Phase 2 is where you start to practice MCAT material, especially full-length exams and passage-style questions.
Phase 2 should last a MINIMUM of 4 weeks, but up to 8 weeks is typical.
This is when you work through passages and REVIEW information related to the questions you missed by taking a full-length test every 2-3 weeks. Only by answering questions and then GOING BACK AND STUDYING the topics you missed will you REALLY develop MCAT/Passage mastery.
Want to make the most out of each Practice Test? Read 3 Steps to Raising Your MCAT Scores with Full Length Practice Tests
Phase 3 – Hard Core MCAT Prep
Think of this as the ‘wrapping it up’ phase. This is the point in your preparation when you’ve:
- More or less mastered all the content you’re expected to know
- Done many passages/questions with review
- Taken a handful of full-length practice MCAT exams to get familiar with testing style, duration, endurance, AND of course, taken the time to review your weak areas.
Now you should be putting it all together
This is the final 4-6 weeks before your MCAT when you sit through a weekly 8am full-length practice MCAT. Your entire week is devoted to dissecting that exam, studying what you missed, and analyzing your strategy/approach/endurance to help you earn just one more point per week.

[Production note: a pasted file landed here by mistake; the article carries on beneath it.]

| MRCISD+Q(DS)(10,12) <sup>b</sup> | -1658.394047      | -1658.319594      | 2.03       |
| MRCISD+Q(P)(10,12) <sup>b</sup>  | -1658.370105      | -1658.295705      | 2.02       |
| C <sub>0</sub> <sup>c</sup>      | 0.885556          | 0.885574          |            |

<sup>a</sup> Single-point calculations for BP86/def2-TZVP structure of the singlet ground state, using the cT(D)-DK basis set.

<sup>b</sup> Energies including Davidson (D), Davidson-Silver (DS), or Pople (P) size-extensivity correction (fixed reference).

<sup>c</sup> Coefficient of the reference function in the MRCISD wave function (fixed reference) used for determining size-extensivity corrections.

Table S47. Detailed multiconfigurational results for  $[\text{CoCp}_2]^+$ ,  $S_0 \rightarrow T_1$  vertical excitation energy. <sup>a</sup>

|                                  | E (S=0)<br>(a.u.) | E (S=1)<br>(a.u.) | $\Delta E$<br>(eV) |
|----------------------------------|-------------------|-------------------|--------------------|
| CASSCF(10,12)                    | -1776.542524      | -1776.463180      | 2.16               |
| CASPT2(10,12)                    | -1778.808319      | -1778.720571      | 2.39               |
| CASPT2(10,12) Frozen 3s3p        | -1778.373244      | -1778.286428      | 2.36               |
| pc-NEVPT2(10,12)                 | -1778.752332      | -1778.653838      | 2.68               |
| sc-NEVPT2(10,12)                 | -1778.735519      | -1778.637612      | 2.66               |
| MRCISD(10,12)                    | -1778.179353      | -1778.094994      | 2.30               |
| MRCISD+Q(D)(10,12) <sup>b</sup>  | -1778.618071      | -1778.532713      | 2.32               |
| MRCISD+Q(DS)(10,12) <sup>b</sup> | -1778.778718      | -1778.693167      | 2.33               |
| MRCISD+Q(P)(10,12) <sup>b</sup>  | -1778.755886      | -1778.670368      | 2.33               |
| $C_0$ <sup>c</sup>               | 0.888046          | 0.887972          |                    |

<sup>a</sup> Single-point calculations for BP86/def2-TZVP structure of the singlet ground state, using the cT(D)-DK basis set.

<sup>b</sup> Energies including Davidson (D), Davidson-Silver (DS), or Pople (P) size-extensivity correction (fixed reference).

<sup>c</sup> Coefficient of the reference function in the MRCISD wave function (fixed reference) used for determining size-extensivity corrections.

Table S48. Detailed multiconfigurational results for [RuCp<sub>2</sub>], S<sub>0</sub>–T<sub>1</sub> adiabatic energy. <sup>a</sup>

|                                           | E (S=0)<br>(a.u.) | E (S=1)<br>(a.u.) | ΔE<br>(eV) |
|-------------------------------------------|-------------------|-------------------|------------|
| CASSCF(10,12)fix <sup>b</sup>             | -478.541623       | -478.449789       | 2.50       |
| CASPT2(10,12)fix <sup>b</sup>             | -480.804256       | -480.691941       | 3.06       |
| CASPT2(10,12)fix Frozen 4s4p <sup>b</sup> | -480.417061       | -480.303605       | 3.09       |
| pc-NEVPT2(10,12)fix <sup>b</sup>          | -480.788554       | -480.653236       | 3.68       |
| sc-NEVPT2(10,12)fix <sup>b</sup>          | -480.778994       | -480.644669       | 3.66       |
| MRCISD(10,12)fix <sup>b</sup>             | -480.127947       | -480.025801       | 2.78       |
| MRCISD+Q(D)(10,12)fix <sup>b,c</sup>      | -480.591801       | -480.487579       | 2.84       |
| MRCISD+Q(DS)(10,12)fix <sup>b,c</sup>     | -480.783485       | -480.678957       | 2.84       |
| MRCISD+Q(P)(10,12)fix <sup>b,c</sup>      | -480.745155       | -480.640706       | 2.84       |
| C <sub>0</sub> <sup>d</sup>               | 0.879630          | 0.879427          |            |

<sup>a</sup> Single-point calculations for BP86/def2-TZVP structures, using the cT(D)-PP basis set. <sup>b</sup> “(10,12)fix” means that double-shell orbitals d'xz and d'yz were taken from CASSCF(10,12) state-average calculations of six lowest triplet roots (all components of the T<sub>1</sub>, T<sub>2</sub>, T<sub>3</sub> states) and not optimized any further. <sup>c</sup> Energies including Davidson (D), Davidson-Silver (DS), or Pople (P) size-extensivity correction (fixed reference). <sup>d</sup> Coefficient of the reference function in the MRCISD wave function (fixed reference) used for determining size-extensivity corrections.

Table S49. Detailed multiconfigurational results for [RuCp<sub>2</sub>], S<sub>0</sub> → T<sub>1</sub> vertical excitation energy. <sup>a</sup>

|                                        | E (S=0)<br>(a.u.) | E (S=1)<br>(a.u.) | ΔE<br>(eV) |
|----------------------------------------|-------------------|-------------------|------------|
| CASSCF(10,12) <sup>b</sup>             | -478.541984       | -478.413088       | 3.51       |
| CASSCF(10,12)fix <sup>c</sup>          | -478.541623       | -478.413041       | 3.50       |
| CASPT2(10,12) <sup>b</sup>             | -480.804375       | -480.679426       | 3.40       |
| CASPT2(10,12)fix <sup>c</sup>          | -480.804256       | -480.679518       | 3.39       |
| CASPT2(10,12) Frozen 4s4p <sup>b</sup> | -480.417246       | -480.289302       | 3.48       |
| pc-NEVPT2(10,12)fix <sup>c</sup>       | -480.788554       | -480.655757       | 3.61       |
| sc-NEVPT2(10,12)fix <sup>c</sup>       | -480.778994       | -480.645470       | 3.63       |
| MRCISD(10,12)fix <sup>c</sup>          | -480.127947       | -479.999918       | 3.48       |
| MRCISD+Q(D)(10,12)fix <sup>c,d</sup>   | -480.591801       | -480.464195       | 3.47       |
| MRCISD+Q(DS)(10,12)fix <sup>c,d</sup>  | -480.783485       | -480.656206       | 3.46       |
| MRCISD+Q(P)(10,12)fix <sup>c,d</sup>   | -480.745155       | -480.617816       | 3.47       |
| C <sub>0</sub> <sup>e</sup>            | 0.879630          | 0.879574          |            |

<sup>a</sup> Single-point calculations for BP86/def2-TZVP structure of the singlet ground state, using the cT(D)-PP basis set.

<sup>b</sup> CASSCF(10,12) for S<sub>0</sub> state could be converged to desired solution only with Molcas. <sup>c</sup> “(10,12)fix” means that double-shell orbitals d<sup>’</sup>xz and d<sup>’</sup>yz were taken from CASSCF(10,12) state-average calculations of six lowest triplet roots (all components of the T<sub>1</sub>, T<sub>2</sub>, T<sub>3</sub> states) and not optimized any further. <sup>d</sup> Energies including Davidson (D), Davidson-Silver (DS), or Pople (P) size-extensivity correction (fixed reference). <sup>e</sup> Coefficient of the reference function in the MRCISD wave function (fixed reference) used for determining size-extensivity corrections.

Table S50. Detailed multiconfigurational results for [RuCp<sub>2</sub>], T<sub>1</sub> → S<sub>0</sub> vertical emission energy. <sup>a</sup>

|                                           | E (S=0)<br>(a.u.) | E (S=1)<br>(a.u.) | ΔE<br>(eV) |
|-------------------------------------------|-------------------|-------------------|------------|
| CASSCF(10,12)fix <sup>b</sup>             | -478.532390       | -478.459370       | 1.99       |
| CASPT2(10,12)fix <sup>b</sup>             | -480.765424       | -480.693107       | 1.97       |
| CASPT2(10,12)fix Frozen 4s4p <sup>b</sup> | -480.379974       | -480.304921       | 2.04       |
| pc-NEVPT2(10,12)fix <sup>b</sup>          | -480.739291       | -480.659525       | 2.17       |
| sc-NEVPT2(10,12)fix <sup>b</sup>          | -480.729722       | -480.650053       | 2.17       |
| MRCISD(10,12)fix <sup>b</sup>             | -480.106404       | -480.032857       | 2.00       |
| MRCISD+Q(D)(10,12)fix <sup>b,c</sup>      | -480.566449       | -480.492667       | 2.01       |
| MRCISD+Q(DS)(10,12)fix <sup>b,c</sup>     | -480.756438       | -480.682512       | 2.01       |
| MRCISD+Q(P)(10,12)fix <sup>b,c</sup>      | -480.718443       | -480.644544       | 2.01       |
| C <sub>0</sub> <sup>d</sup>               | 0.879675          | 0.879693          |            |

Then there’s life, family, work, classes, emergencies… and everything else to take into consideration.
Considerations for How YOU Learn
As an MCAT tutor I’ve worked with thousands of pre-med students over the past decade. I’ve noticed that students fall into different categories. Each type of student requires a different amount of study/prep/review time.
Don’t worry if you don’t exactly ‘fit’ into one of these categories. Just use this as a general guideline.
The Super-Savvy Genius Standardized Test Taker
Some students are really good at taking standardized tests. They just study the material, practice for a bit and ace the exam. These students remember nearly everything from science class and can zip through Phase 1 in record time. These students still need a few weeks each for phase 2 and 3.
This includes perhaps 1-2% of students. It’s ok to hate them (kidding).
The Really Good Student
Let’s face it, you don’t NEED every undergraduate MCAT science course to be successful on the MCAT, but EVERYONE winds up having to re-study some content they once knew well.That being said, if you’re a top student who scored A’s in most of your sciences classes AND you remember much of that information, you will NOT have to focus as much time on pure content review compared to most students.
Let me rephrase.